Except, it's also a history book, and a guide book, and more. So... if you've ever regretted the fact that you'll probably never see Krakow, or if you're planning a visit, or if you want to know the longer history of the world Pope John Paul II grew up in - the historical and social dynamics that led to the miseries of Poland perhaps - or if you'd like to know more about a sainted Pope and his teaching, City of Saints – a pilgrimage to John Paul II’s Krakow – by George Weigel is surely the book for you. Enjoy an amazingly smooth read, a deeply fascinating trip into history and geography, a genuinely interesting exposition of streets and buildings, and a wonderful quiet step into the life and works of a truly holy man. And drink some truly elegant 4-star coffee.

Where Love Begins  by Donna Fletcher Crow takes readers into the past of Methodism, another great Christian faith. The novel is fictional, though many of the characters and situations are real. And the theme of the rich and influential denying faith to the poor, administering weakness where God promises strength, might seem not so different. Where Love Begins is an enjoyable, thought-provoking historical romance, bound up in faith. Enjoy with some more elegant 4-star coffee.

Tracy Krauss' Neighbors is set in present-day America, in a neighborhood filled with everyday characters whose hurts and joys inspire a fine collection of stories. I've only read the short Volume 1, but already I like the people and want to know more. Enjoy these tales with some lively easy-drinking 2-star coffee.

Then there's Bellanok the Reluctant Savior by Ralene Burke, a novel that juxtaposes a pleasingly mythical version of Eden (replete with fairies, unicorns and more) with a darkly everyday earthen reality. Evil is invading Eden, and a human savior has been chosen. Not that the wounded Pastor Brian should care, as his faith in heaven's Savior begins to slip. The novel is only the first part of a much larger story, but it's an intriguingly different tale, easily read, and well-suited to an easy-drinking 2-star coffee.

Tuesday, July 19, 2016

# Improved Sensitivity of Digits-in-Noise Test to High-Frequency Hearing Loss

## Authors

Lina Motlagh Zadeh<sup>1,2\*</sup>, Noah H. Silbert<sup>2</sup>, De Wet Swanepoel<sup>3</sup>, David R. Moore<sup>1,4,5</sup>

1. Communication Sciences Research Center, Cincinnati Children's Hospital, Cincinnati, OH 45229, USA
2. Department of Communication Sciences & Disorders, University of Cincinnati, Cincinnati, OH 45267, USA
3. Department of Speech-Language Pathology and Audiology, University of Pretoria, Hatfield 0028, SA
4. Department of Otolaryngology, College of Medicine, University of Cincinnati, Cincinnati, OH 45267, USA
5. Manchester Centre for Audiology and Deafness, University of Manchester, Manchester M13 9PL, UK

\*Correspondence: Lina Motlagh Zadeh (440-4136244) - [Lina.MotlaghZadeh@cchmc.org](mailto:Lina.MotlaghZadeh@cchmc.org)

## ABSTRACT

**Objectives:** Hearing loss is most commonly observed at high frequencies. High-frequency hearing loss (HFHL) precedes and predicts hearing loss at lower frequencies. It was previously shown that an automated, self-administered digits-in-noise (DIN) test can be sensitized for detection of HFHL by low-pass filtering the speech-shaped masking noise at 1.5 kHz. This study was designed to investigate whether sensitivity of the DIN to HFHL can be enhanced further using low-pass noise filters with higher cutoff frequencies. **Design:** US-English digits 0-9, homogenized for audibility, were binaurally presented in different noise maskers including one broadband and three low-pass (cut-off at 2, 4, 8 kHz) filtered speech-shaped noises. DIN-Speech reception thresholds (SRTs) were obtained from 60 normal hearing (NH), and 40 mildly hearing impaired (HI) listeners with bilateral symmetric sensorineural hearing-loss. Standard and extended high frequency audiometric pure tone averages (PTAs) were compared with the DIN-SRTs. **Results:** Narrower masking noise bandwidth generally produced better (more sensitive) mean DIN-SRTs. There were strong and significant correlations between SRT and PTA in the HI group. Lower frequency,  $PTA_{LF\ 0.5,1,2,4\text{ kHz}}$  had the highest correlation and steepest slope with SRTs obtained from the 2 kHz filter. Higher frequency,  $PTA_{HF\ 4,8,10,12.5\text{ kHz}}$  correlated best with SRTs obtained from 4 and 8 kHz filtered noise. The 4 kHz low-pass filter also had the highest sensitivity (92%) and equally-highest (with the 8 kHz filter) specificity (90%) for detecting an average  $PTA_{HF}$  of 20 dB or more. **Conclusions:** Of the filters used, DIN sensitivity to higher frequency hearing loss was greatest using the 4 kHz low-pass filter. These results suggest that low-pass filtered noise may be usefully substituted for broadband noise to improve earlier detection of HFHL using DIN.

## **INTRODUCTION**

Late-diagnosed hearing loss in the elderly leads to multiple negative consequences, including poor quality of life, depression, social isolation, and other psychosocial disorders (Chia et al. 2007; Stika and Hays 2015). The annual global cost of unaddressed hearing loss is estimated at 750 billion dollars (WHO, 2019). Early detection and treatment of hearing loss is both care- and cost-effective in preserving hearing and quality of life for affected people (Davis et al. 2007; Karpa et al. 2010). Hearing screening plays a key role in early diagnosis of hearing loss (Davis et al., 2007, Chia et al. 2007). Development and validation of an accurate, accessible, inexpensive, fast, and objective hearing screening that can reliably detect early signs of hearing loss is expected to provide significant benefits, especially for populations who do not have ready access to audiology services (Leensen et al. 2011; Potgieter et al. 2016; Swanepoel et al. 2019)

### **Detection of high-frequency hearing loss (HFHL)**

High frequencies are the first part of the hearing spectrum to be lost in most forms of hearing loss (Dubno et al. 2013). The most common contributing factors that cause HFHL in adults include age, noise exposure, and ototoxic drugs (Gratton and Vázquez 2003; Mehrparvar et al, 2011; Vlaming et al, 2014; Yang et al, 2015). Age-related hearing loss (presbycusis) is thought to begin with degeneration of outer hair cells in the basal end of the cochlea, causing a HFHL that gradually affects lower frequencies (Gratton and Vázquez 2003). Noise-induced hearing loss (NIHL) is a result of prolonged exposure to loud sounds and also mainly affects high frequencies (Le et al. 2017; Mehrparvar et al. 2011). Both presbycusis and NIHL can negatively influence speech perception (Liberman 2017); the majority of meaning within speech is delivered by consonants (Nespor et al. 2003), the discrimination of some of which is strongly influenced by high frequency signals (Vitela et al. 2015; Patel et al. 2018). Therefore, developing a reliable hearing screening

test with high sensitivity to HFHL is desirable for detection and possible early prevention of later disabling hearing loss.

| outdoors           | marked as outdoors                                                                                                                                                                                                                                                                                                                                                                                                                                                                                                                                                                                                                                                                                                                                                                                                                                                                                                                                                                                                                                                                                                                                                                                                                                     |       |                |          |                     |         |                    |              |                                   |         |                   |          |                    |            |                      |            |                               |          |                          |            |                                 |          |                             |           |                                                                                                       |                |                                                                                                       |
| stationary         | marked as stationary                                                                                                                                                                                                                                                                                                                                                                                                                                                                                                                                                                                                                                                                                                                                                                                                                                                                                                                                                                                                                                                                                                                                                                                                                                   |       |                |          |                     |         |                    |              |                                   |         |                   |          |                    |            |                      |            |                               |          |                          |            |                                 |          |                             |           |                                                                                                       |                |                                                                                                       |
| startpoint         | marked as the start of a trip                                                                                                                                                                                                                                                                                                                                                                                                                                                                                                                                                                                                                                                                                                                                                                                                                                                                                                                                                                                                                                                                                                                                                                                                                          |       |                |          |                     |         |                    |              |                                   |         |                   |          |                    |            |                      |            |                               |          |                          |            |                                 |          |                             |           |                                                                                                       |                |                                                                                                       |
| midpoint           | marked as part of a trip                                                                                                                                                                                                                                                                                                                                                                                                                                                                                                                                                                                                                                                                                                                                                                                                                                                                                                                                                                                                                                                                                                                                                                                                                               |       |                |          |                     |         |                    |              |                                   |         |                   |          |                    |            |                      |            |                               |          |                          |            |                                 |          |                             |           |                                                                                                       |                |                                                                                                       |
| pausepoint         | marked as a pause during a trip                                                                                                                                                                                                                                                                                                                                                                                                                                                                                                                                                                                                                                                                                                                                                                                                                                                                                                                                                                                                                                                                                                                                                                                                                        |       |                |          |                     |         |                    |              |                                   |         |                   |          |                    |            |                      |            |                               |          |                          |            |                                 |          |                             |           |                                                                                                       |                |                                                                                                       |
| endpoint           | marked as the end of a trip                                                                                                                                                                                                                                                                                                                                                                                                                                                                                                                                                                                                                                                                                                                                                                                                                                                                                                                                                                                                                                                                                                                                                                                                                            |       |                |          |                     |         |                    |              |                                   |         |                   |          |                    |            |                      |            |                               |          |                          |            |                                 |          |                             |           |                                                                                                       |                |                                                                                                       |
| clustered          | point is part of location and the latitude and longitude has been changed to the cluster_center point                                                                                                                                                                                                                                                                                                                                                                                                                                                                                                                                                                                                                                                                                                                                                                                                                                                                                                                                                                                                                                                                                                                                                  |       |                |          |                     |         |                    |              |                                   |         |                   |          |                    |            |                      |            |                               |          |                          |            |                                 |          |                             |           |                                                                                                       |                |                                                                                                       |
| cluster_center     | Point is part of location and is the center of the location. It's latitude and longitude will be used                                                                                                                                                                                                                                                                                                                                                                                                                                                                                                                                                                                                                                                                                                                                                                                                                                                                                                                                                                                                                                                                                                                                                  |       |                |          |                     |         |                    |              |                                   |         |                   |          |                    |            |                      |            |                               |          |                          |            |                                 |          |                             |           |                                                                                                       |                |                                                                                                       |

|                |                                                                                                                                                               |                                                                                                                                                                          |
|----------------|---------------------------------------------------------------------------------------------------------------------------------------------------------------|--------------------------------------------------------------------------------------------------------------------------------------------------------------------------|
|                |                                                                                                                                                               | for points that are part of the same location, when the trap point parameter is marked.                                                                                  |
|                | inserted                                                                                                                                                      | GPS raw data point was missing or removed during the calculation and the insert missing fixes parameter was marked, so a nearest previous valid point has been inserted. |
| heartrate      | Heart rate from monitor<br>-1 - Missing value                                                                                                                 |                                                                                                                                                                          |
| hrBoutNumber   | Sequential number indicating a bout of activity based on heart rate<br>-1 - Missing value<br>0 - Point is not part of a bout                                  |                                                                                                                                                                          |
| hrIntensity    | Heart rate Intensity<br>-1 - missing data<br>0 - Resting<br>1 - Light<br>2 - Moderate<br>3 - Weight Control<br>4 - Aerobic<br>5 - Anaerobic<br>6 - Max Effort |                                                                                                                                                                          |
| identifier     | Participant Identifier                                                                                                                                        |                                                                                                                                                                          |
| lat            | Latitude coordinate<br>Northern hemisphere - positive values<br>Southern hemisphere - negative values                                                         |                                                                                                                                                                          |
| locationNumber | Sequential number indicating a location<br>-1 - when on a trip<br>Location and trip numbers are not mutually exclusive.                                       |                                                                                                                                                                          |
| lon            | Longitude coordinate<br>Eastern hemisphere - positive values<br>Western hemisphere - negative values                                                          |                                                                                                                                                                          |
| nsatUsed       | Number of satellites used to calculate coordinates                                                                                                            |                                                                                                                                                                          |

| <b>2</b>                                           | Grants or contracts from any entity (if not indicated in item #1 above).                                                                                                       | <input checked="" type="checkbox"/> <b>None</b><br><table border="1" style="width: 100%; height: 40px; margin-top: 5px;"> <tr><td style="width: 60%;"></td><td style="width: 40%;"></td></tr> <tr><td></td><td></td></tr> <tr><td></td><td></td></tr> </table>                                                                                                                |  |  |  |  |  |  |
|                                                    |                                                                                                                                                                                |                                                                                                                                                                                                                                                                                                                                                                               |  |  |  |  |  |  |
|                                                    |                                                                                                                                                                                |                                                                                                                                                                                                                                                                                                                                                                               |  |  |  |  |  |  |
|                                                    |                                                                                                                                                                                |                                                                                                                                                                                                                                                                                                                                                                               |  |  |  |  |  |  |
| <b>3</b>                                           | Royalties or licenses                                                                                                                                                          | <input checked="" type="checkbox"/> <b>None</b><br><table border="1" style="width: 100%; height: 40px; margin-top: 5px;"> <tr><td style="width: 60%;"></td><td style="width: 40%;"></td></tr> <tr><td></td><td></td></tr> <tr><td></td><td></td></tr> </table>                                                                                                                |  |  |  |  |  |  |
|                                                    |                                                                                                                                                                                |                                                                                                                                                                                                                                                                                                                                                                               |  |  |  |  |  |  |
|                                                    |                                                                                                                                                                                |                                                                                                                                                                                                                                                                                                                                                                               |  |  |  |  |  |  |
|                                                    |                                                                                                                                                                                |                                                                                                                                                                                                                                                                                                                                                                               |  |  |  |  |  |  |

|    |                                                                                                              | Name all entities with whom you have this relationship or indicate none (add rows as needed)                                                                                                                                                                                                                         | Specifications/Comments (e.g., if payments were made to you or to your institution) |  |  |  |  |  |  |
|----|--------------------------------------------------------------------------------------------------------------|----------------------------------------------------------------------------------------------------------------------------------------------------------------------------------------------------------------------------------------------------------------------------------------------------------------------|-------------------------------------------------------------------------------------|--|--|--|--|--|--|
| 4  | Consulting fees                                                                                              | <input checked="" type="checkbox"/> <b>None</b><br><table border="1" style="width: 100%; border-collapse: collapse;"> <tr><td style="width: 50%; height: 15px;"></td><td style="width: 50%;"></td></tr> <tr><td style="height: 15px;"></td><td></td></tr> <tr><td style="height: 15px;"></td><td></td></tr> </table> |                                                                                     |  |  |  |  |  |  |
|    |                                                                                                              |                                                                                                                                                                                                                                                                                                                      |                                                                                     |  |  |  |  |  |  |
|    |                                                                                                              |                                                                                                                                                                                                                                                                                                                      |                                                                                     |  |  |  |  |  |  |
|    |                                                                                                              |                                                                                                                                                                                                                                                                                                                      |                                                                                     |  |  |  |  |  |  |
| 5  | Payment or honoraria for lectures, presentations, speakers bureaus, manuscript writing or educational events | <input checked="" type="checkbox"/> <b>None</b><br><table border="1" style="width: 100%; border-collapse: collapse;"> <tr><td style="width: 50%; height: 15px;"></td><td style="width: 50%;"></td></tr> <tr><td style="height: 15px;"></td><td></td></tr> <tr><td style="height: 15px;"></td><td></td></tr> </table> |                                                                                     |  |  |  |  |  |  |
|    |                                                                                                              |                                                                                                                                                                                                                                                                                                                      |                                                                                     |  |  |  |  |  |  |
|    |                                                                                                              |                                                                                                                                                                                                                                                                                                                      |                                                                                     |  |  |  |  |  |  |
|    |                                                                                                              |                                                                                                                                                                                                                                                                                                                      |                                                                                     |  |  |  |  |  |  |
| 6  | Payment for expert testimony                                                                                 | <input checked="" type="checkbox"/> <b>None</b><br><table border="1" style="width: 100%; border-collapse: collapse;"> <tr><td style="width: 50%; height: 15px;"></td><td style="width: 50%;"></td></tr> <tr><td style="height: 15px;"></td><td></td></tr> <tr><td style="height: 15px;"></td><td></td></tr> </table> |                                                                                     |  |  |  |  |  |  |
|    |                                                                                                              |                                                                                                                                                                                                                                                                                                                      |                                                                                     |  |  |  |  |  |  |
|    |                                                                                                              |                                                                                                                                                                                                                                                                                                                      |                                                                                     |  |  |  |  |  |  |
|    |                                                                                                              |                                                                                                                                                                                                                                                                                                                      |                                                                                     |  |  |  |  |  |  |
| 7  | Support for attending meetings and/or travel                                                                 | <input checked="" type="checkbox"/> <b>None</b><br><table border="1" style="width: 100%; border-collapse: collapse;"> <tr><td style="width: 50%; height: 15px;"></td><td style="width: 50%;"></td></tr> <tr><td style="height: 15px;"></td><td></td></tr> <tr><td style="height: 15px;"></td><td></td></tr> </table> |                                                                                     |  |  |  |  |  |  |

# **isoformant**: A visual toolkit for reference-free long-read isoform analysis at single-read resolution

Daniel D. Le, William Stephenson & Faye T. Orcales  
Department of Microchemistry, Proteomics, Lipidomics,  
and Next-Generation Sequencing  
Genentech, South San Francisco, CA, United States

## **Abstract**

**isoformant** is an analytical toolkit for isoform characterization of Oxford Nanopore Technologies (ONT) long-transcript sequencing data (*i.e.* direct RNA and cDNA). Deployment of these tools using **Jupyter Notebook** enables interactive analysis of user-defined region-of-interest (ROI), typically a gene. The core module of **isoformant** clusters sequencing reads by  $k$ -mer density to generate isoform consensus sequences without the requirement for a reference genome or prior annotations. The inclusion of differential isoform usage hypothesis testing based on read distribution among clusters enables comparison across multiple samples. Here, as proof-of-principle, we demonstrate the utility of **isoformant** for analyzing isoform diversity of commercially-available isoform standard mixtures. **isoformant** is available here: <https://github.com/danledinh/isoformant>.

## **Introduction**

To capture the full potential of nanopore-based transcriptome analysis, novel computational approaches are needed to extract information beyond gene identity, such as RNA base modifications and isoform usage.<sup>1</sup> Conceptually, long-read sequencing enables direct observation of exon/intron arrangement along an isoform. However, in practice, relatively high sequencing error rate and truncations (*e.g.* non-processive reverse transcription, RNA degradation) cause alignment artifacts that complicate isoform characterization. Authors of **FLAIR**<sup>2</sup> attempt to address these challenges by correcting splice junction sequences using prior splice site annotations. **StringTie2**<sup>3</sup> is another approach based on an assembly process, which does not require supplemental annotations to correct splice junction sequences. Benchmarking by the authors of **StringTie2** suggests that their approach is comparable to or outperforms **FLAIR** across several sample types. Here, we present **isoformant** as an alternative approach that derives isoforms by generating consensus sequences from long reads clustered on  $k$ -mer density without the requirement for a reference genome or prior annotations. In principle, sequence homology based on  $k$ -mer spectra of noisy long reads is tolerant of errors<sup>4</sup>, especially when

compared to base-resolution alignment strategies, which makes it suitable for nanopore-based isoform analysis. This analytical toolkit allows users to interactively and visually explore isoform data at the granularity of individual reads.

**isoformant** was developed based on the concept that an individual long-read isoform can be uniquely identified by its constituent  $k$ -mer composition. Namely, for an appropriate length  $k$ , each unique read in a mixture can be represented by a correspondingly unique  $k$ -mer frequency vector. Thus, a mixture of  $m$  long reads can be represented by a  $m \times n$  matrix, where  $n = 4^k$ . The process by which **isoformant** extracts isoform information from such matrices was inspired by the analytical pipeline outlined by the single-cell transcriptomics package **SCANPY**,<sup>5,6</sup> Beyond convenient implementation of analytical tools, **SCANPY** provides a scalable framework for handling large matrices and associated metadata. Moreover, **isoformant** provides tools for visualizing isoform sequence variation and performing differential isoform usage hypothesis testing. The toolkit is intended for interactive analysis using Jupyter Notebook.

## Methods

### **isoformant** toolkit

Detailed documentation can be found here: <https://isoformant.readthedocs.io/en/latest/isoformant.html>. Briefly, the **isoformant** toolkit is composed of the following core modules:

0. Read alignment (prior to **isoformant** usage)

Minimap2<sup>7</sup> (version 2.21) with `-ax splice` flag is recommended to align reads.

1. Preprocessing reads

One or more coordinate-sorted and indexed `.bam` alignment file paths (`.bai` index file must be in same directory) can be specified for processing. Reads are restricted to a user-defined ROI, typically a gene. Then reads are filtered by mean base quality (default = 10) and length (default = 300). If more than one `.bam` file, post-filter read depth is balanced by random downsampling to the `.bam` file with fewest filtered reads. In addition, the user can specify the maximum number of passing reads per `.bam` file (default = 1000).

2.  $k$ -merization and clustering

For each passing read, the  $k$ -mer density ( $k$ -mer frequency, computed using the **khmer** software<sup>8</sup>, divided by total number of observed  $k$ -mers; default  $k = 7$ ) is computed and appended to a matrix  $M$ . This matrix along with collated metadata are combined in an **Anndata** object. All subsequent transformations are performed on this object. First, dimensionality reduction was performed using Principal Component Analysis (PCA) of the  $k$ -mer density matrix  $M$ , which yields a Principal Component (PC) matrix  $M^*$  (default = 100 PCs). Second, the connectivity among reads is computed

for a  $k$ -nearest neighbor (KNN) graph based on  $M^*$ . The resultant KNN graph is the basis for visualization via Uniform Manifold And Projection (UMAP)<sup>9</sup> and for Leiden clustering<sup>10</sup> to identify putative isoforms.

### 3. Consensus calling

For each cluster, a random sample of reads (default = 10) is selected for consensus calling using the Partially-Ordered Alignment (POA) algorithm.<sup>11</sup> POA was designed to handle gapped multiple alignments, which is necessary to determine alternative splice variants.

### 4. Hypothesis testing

What genre do you publish?

Strangers, on learning that I'm a published author, frequently ask, "What do you write, then?" They probably want me to answer with a nice simple genre - mysteries say - and I almost wish I could oblige. But instead I tell them I write novels and children's fiction, then elaborate, if they ask, with the fact that my second novel, Infinite Sum, has just been released, and that I have children's books with two different publishers. One children's series (with almost enough books now for a book-a-month club) is the Five-Minute Bible Story series, published by Cape Arago press. And the other is a series of animal stories from Linkville press, with only one book (Tails of Mystery) out so far.

My tangled answer got me wondering, do we ask publishers what genre they publish? Technically we authors research our publishers, determine they have an interest in the sort of thing we write, and then submit. But what if the publisher's interests are as eclectic as our own.

I decided to read some books from Linkville Press and see what else they publish, besides my sweet animal tales. So choose your coffee, fill your mug, and pick your next book to read.

Fate’s Crossing by J. R. Smith has the feel of a California-based Shannara, with a modern-day student traveling to California and finding far more than she expected.The story's stold with pleasing humor, and enticing touches of mystery, and Liana slowly learns there is far far more to her life than the surface allowed. It's a complete enough story in itself, but it's clearly part one of something bigger. Enjoy its light-hearted tone with some 2-star easy-drinking coffee. But darkness awaits.

Killing from the Inside by Bea Brugge is a much darker tale, inviting readers into the wounded mind of a serial killer. The splatter-movie road-trip feeling is counterbalanced by a dogged detective seeking to catch his criminal, and the somewhat haunted touch of a love interest. But it's a truly dark tale, best enjoyed with a seriously dark 5-star coffee.

A novel in a very different genre is The East End Beckons by Ian Parson, which recreates a well-researched and fascinating world of Cornwall and London in the 1800s, as governments bow down to the rich, globalization threatens livelihoods, and the poor are reluctantly drawn into politics. It's a world not so different from today, and it's deeply enthralling. Enjoy this complex tale with some complex 4-star coffee.